Stand-Up Comics & The Imbroglio of Criminal Complaints

By Arundhati Rajput


Vir Das, an Indian Stand-up comic, has yet again become the center of vehement criticism as his monologue: ‘The Story of Two Indias’, has stirred opposing sentiments. In this monologue, the comic portrayed India in a sagacious manner having an undertone of satire. However, several lawyers and political leaders felt that he was attempting to incite disharmony within the nation. Subsequently, an Indian lawyer filed an FIR against the comic. Wherein, the statements made by Das that were under scrutiny in the FIR were:

I come from an India where we worship women during the day and gangrape them at night” and “every time we get information, we are always available to care for the PM but we can’t seem to get any information on PM CARES”.

The complaint, among other things, cited reasons such as the comic’s attempt to “willfully spread inciting and derogatory remarks against India and also the Prime Minister” [“PM”].

This came after the comic had already been involved in a trial due to the controversy spurred by his recent Netflix drama, Hasmukh. The Delhi high court had recognized that satire as an art form would fall under the ambit of the artists’ freedom of speech and expression. Despite the said judgement, Vir Das, amongst many other stand-up comics, continued being embroiled in opposing backlashes by society.

In the pretext of these instances, it becomes necessary to examine the validity of the legal steps that the public is taking against Stand-up comics in India. Hence, in the subsequent piece, the author would analyze the legality of the FIR filed against Das at the pretext of the genuineness of the allegations and on the basis of the law and precedents ascribed to it.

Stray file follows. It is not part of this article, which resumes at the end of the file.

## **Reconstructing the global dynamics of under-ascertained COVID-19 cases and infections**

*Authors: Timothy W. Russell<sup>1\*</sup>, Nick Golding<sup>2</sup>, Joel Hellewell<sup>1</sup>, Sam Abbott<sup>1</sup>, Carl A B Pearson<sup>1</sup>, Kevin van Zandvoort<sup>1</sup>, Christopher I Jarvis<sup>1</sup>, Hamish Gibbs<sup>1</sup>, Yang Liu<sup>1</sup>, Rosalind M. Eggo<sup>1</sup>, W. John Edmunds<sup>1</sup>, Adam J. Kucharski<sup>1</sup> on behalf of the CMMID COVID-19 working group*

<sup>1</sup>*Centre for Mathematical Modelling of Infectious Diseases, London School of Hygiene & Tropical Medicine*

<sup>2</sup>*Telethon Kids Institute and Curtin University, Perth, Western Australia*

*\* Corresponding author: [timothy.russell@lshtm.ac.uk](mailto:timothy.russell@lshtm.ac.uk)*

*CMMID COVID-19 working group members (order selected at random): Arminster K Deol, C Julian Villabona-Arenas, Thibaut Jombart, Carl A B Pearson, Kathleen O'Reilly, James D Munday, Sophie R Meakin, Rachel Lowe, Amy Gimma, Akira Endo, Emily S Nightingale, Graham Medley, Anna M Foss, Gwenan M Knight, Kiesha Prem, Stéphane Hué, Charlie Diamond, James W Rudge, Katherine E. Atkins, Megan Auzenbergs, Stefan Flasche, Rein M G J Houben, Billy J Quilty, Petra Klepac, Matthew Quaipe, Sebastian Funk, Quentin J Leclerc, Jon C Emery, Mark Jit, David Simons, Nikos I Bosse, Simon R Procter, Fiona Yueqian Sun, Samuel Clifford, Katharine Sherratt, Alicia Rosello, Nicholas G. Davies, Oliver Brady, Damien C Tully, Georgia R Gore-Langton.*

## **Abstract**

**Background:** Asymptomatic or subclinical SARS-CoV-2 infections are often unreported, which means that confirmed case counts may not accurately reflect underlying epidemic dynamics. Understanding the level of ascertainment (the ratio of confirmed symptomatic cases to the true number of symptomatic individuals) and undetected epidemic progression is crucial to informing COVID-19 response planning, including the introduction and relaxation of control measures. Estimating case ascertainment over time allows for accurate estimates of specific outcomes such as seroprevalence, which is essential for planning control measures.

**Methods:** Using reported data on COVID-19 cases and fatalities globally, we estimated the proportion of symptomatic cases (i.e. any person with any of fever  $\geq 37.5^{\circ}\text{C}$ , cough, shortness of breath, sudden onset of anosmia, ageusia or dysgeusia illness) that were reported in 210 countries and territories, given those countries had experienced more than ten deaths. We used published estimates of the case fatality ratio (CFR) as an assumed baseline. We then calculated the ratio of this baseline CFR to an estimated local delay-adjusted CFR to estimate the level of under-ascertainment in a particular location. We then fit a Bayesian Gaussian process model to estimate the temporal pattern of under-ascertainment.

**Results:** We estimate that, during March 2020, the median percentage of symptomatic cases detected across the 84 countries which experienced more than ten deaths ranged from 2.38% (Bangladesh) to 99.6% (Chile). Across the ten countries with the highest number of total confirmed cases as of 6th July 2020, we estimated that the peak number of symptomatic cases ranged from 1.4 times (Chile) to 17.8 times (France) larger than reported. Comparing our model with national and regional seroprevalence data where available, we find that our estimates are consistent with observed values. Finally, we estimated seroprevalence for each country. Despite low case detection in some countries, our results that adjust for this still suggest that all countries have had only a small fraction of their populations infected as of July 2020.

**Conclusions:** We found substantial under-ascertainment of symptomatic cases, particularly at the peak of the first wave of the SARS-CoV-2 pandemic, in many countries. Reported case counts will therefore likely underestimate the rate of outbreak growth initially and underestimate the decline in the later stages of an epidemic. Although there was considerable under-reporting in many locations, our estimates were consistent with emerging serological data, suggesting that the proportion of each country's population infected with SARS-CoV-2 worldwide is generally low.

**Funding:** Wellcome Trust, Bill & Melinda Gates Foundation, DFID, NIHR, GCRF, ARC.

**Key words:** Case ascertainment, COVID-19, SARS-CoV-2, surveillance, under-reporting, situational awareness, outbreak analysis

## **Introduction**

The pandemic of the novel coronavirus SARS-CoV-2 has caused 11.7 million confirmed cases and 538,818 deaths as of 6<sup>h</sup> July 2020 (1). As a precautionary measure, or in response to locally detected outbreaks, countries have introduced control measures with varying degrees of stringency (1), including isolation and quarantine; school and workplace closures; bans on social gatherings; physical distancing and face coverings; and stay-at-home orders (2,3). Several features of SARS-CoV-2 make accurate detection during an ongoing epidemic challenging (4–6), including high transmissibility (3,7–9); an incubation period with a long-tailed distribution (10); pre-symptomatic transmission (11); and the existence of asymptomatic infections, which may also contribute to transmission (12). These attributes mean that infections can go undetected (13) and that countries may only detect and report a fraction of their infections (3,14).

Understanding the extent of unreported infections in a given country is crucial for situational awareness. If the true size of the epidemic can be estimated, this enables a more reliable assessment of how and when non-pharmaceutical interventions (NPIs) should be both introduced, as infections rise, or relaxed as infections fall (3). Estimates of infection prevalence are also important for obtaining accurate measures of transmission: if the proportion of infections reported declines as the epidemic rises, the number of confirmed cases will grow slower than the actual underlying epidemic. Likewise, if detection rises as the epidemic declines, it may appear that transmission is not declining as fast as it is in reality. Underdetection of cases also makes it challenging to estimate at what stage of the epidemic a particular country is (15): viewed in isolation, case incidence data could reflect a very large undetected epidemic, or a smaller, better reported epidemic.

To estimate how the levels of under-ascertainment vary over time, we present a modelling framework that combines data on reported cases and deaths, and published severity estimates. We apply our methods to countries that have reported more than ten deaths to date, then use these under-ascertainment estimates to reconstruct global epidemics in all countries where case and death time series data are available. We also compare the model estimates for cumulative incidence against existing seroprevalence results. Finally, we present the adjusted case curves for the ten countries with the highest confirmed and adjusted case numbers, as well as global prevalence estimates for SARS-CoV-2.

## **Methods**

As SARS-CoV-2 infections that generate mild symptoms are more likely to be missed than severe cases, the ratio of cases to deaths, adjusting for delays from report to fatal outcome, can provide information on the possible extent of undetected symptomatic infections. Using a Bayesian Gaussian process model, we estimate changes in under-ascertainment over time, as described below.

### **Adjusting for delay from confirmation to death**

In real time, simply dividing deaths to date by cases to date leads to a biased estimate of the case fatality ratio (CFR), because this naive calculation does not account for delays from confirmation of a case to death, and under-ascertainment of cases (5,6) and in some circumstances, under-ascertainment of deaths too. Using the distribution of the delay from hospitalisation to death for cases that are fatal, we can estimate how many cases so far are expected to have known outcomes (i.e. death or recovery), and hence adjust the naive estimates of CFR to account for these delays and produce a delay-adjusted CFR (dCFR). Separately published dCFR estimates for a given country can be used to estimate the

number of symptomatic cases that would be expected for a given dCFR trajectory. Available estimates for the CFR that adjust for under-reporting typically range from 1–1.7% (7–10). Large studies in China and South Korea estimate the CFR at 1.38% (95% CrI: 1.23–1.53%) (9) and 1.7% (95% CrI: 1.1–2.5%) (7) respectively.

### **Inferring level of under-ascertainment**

Aspects of the FIR

The complaint filed against Vir Das alleges him to have willfully spread inciting and derogatory statements against India and the PM. It goes on to press charges against him on the grounds of his monologue being the “biggest threat” to the Indian democracy and having the potential to provoke violence and disrupt law and order situations. It is pertinent to note here that the complaint does not specify the sections of the Indian Penal Code, 1860 [“IPC”] and just states that “several sections” of IPC have been attracted. Therefore, for the present analysis, the sections of the IPC having the essence of the above-mentioned charges would be described.

Section 124-A of the IPC penalizes anyone who attempts sedition. The judiciary has laid down the elements that would constitute a seditious speech or writing. In the case of Kedar Nath v. State of Bihar, it was observed that only those words that have a “pernicious tendency or intention” to culminate into a public disorder or disturbance of law-and-order situation fall under the preview of section 124A. The Court also acknowledged that mere dissatisfaction with any policy or step taken by the government can never constitute sedition.

Additionally, in the case of S. Rangarajan v. P. Jagjivan Ram, the Supreme Court had recognized that democracy provides the people with a right to discuss and share their views on various governmental affairs. In Queen-Empress v. Jogendra Chunder Bose, the Court laid down the elements of the section to constitute the premeditation to excite feelings of ill-will, hatred, and contempt against the government.

Recently, a journalist, Vindo Dua, was booked under the section for making derogatory remarks against the government and the PM. The statement was:

When people started returning from Mumbai …. That should have been a big signal for the Government about the effect the complete lockdown in the country can bring about, but no lessons were learnt”.

The Court while quashing the charges against him and relying majorly on the Kedar Nath case held that Dua’s statement should be

 “Termed as expression of disapprobation of actions of the government and were certainly not made with the intent to incite people or showed tendance to create disorder”.

Apart from attracting section 124-A, the complaint filed against Das would also come under the ambit of Section 153-A, an analysis of which is provided in the subsequent section.